A few days ago, when the verdict for the juvenile accused in the December 16 Gang Rape Case was announced, the victim’s younger brother couldn’t believe his ears and immediately fell upon him to mete out instant justice. The juvenile, who was described as the “most brutal” of all the rapists that night, was handed down 3 years in a correctional facility for his horrendous act. Many people across the country expressed shock and rage on hearing the verdict and many others lauded the victim’s brother for doing what he did. I, on the other hand, found myself torn between appreciation and the denunciation of the verdict.
It’s not so easy to take an extreme position on an issue when you are appealed by the arguments that both sides have to offer. The Juvenile Justice (Care and Protection) Act, 2000 is an extremely progressive piece of legislation that has drawn praise from many acclaimed jurists. Indeed, after the heat generated by the December gang Rape case prompted many to demand a reduction of the age (to be considered a juvenile) from 18 to 16 in the act, the Supreme Court firmly rejected all such petitions. Many social activists have since then pointed out that juvenile crime rates in the country have actually gone down. On the one hand is the consideration of age for the convict in this case, while on the other hand is the horror generated by his act. It is with some relief then that one observes that the law hasn’t made an exception and has firmly stated that the it applies equally to everyone at large.
Generally, there is a tendency to see these cases highlighted by the mainstream media in isolation and hence demand the most punitive punishment through legislation to deal with such crimes in the future. However, one should not forget the social and the economic background of these children which first pushed them in the company of people most prone to criminal tendencies and then finally initiated their entry into the world of crime. Before placing the blame squarely on the shoulder of the juvenile convict, not discounting the propensity of his act, as a society we must also utilize the debate generated in the aftermath of his conviction to introspect and analyze the kind of atmosphere we are providing our youngsters to grow up in.
Having said that and keeping all the factors in mind, one should still not forget that being a juvenile is no excuse for perpetrating such a crime. Now, this conviction has provided us with an opportunity to question the kind of reformation process that is provided to such underage convicts in the correctional facilities. Just last week, I heard Mr. Gopal Subramaniam, a senior advocate in the Supreme Court, lament about how our correctional facilities still have a lot of ground to cover in terms of reforming and mainstreaming those convicted for crimes while they were still underage. What we typically see in a juvenile correctional facility is the bullying of younger convicts by older ones, a systematic abuse of power and authority by those in charge of overseeing the administration of the facility and constant harassment of the convicts on various grounds, so that when they are finally released, they are even more determined to break the law and evade the law enforcement authorities rather than respecting and following it.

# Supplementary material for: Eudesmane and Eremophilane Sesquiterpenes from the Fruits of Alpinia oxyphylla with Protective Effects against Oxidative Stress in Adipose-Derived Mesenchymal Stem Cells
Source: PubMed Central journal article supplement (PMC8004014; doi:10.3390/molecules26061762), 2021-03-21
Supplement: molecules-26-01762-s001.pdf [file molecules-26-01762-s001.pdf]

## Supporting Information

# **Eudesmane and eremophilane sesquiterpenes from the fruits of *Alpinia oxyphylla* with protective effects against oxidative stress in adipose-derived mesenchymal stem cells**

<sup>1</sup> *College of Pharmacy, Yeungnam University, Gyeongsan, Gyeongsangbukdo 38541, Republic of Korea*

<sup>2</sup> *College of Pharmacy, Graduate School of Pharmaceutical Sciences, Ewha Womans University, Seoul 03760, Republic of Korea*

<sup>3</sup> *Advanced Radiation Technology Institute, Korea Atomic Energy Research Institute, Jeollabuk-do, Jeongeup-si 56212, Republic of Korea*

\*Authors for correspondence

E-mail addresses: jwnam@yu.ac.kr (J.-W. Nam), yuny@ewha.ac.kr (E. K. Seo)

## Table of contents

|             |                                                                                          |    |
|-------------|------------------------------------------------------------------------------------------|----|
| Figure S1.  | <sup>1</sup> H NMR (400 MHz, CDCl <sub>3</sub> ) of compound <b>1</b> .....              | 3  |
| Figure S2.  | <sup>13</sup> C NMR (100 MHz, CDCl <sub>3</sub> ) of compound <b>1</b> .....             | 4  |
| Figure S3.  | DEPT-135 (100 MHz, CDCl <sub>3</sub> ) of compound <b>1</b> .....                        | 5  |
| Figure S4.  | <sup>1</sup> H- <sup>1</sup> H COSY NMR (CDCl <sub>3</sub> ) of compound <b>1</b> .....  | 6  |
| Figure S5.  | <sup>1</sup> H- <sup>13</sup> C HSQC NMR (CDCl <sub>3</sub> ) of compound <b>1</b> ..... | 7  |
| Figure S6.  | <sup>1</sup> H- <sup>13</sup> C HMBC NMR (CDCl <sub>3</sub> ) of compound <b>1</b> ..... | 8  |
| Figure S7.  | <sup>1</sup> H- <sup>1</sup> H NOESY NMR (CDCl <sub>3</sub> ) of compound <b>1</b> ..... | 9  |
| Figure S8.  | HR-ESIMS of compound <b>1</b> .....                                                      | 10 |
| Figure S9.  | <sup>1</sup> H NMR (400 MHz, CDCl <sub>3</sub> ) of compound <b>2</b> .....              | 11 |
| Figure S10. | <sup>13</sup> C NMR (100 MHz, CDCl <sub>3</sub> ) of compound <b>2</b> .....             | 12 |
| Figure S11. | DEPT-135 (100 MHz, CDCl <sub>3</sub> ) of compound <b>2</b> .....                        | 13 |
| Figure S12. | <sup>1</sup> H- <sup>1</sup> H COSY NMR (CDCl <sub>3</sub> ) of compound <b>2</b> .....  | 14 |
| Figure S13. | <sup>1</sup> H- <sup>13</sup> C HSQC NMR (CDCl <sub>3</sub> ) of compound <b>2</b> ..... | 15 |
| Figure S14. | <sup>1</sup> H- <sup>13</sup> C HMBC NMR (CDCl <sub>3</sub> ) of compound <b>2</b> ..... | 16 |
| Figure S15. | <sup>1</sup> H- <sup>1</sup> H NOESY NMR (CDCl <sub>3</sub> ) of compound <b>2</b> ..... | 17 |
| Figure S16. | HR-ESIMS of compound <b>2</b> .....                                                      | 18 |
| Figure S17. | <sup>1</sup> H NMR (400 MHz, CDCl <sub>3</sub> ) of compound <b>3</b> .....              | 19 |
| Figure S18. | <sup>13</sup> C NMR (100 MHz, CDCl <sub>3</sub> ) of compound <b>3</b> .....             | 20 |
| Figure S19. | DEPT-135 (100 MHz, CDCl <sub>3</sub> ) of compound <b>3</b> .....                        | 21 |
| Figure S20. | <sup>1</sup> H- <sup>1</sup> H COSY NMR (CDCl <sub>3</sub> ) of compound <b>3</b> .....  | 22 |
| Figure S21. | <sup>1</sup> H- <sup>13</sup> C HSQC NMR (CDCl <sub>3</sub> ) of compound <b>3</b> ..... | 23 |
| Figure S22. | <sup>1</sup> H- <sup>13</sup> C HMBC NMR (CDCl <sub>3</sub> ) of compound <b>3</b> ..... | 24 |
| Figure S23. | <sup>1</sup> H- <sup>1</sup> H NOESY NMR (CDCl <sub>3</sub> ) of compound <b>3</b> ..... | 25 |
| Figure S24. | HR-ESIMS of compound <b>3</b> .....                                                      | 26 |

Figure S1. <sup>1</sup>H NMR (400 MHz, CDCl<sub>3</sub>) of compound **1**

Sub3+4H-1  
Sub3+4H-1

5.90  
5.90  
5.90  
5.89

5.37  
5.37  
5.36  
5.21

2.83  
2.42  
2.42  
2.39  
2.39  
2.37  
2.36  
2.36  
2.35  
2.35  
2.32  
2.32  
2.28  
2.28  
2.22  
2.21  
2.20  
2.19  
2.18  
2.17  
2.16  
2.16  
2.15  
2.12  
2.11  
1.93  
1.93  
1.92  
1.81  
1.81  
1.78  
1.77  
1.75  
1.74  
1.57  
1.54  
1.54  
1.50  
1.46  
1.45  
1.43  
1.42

The need of the hour is to reflect upon the verdict and collectively debate the wisdom of it instead of indulging in knee jerk pontification. Our agencies need to be very alert and efficient in determining the juvenile status of the accused which requires a considerable up gradation in facilities conducting biological tests such as the bone test conducted in this case. All probability of misuse and manipulation must be eliminated if the legal system is to retain its credibility as well as to protect the interests of the underage accused. The gains made with the Juvenile Justice (Care and Protection) Act, 2000 would be very much reversed if its checks and balances are not made to work properly. In the interests of the Nirbhayas at large, this must be checked.
(This first appeared here)